Interviews// Space Hulk

Posted 28 Jun 2013 17:12 by
Games: Space Hulk
Thomas Lund
Thomas Lund
Full Control is the Danish developer responsible for creating Space Hulk, the video game interpretation of the much vaunted and highly sought after board game. The game takes cues from its spiritual successors - Space Crusade and the Space Hulk games that were released on the Amiga and PC back in the early 1990's.

This new version brings the game right up to date by using the rules used in the 3rd edition of the board game that was released in 2009 and utilising cross-platform play thanks to the developer choosing to use Unity as its game engine. I caught up with Full Control CEO Thomas Lund to find out more.

SPOnG: Could you tell us a little about Full Control and how you have developed Space Hulk?

Thomas Lund: We used Unity as a base engine for the game, but on top of that we developed our own framework for turn based strategy games and Space Hulk is now the fourth game utilising it. We started out with a small scale Monster Ball, which was a Little Shop of Horror inspired game. We then moved into Tactical Soldier, which was like a Resident Evil-style story-driven mobile turn-based game. We did an expansion for that and then we did Frontline Tactics early last year, which is a modern warfare turn-based game. We tried out free-to-play on that one and we're not super happy on the performance on that and the decision to go that way with funding the game was not a good one in hindsight. Nevertheless the core game was really good and Space Hulk builds on top of those games and the code we've been able to build into the framework from those titles.

For example we have created asynchronous play that is cross-platform. So you can have people playing on either the iPad or the PC. So you can go home, turn on the same game and when it's your turn you can continue the game on your PC when you started playing it on your iPad earlier in the day. This is something we built for Frontline Tactics and we have carried it over to Space Hulk.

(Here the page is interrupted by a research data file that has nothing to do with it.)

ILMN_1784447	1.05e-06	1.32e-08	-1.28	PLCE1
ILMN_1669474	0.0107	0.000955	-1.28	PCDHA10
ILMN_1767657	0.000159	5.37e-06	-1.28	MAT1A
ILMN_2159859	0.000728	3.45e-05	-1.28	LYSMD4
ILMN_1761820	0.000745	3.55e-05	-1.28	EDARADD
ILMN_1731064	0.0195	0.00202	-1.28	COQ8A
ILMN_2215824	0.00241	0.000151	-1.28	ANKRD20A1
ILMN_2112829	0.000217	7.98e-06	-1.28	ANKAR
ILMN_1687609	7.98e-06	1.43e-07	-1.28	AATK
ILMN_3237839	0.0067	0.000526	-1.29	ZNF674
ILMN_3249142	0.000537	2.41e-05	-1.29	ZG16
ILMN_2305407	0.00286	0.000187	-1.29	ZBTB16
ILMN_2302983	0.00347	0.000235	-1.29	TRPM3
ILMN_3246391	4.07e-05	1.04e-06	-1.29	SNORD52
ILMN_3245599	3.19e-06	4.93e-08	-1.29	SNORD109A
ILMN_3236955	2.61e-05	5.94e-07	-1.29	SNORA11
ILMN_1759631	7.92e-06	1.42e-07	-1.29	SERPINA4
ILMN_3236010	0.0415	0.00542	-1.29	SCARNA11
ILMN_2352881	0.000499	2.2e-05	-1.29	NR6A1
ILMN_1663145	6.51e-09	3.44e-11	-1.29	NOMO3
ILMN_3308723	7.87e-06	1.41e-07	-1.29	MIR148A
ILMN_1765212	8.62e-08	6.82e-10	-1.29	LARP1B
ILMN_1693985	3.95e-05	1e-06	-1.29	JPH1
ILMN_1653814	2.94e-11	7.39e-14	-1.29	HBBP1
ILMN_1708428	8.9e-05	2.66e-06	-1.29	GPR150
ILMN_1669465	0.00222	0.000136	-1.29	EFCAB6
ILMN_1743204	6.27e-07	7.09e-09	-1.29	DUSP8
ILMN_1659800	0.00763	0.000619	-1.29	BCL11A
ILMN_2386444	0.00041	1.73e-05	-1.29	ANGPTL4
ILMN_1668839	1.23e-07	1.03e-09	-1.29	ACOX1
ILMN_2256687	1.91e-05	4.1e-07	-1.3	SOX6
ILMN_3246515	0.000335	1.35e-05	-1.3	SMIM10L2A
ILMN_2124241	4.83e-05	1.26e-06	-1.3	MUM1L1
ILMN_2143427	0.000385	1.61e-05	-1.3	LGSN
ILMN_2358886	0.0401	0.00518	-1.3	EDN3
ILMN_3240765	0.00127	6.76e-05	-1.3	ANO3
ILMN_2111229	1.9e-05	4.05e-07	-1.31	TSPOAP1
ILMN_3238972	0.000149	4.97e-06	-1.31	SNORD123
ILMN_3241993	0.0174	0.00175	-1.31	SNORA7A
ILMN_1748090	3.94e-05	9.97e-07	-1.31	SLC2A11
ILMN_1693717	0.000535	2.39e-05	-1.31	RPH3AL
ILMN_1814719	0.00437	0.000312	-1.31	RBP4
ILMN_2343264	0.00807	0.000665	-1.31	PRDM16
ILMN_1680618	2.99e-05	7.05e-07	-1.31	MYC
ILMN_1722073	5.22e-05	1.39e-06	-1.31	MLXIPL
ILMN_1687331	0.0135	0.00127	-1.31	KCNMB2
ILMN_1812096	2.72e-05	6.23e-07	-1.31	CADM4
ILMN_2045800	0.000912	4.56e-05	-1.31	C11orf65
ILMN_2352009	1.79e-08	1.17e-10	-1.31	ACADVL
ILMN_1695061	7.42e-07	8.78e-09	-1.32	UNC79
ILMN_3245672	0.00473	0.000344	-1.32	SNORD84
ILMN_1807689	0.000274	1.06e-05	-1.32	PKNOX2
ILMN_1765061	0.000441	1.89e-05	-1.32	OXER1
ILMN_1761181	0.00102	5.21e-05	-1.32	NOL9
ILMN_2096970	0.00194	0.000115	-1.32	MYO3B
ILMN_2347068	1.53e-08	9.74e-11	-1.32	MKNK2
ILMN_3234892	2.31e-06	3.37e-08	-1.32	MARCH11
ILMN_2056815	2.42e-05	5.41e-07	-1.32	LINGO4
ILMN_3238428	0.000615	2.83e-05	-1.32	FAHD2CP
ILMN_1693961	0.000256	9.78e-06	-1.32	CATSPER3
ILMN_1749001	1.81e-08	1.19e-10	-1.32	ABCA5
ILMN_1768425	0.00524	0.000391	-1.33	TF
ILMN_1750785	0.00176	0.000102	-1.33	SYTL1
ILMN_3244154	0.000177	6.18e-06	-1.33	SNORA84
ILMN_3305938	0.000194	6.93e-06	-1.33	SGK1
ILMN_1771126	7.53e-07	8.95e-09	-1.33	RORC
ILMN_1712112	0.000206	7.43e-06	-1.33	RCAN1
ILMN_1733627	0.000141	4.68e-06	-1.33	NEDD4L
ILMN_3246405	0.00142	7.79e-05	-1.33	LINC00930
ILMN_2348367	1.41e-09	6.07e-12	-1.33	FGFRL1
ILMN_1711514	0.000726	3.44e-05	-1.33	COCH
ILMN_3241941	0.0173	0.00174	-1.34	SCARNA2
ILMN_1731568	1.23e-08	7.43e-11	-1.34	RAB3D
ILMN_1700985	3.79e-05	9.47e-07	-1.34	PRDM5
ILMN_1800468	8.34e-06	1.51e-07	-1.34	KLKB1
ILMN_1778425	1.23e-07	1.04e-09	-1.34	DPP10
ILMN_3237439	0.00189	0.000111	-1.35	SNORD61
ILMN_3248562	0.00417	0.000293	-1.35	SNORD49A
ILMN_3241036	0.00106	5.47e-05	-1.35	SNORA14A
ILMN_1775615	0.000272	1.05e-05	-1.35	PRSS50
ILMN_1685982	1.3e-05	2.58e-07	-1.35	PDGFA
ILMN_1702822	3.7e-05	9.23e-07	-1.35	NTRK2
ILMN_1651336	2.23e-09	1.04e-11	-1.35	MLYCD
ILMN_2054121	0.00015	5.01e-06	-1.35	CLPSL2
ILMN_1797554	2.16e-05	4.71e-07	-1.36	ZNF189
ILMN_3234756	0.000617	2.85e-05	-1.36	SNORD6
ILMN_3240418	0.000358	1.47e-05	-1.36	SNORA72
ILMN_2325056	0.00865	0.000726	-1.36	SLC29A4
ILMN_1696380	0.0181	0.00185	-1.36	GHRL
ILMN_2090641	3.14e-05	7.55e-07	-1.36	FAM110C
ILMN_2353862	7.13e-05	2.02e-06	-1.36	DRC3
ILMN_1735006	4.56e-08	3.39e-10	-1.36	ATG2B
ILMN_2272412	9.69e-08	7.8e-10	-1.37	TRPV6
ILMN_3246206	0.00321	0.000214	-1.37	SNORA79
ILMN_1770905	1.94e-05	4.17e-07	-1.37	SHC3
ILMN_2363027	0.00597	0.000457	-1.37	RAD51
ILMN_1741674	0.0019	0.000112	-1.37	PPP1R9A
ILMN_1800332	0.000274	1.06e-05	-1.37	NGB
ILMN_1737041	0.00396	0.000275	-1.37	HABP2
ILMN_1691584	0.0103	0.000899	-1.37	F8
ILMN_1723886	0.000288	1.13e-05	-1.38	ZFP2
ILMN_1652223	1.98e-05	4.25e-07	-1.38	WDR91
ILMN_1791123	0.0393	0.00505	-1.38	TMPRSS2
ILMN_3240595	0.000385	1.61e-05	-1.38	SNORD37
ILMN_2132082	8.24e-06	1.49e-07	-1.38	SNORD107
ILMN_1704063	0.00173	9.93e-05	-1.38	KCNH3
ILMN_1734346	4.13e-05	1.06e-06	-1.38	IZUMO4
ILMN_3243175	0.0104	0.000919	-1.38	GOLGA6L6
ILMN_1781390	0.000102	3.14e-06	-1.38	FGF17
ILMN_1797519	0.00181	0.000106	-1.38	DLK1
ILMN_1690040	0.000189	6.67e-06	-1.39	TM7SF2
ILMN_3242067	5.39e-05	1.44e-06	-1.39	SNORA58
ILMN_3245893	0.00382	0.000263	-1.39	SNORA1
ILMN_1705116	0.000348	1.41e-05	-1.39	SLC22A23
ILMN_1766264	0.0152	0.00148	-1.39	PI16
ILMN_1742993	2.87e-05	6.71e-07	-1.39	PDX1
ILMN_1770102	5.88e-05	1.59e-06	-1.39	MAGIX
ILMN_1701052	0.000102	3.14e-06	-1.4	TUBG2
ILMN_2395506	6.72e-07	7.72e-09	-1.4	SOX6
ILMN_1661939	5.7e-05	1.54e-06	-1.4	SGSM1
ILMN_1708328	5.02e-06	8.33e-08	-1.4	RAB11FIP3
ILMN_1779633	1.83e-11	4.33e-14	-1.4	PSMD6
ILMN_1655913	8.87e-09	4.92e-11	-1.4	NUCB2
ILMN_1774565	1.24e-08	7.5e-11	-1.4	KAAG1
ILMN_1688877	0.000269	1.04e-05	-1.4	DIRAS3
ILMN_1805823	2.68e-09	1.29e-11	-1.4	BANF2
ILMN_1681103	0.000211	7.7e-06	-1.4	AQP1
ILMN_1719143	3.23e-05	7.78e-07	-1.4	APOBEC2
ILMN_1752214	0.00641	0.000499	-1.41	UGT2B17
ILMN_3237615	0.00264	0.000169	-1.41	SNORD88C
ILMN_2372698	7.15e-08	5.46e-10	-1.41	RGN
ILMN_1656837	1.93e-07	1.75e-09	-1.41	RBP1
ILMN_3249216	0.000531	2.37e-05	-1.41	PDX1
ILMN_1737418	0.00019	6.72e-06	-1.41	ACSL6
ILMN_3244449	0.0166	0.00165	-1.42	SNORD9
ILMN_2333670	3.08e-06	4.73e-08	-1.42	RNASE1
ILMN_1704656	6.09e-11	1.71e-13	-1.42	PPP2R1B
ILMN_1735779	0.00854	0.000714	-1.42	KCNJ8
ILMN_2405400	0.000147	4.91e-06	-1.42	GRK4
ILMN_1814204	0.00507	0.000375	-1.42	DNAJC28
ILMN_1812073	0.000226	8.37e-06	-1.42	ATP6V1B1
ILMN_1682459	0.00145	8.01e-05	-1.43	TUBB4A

SPOnG: How much of a challenge has it been to get the scale of the space marines right, as they are supposed to be 8ft tall giants?

Thomas Lund: We try and frame it so that we have skeletons, books and things scattered around on the floor, which are human sized. So when you start looking at those small details you start seeing that wow, these are big guys!

SPOnG: What is the link between Space Hulk and the previous video games from the 1990's?

Thomas Lund: The heritage coming out of Space Hulk is the board games that were made by Games Workshop. The 3rd edition that was released in 2009 had a very limited run and now it sells for $400 on eBay! Not only that, but we've been influenced by the Fantasy Flight Games card game, which you can play solo (which is the main reason I have it, because I can play it while travelling). So taking the original board games, the video games you mentioned from the 1990's and the card game we built Space Hulk. However, we would say that 98% of Space Hulk is based on the 3rd edition board game.

This means of course that the missions in Space Hulk are exactly the same ones that are in the board game. So this means that if you cannot get a hold of the original game, you can get Space Hulk instead, which delivers the full experience without the cost and long set up time and duration too! It includes all of the amazing art from the original game as well as audio, 3D environment and an action-cam. There is also the bonus of being able to play online against others, negating the problem of having to find someone who is willing to play the board game with you!

SPOnG: Presumably there is a single-player mode?

Thomas Lund: Yes, we put an AI controlled player in the game so you can play single player, but there is also hot-seat multiplayer that allows you to play the game on one device, be it PC, Mac or iPad.

SPOnG: The game is coming out on PC, Mac and iOS, any other platforms planned?

Thomas Lund: The first wave is on those platforms you mentioned and then we're going to look at the performance of the game sales-wise to see how well it does. Taking a look at that point in time we will then consider what kind of platforms do we want to support. Android tablets would be an obvious one and another direction would be to go digital console i.e. XBLA and PSN. These platforms are, however, in transition now, so it's difficult for us to commit to anything.

SPOnG: We certainly are in a difficult time for developers in terms of what console platform to go for.

Thomas Lund: We approached Microsoft originally and they said no as we had a deal with Steam so they can't do an exclusive release on their platform. They then told us to go find a publisher and get back to them. We never did.
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Games: Space Hulk

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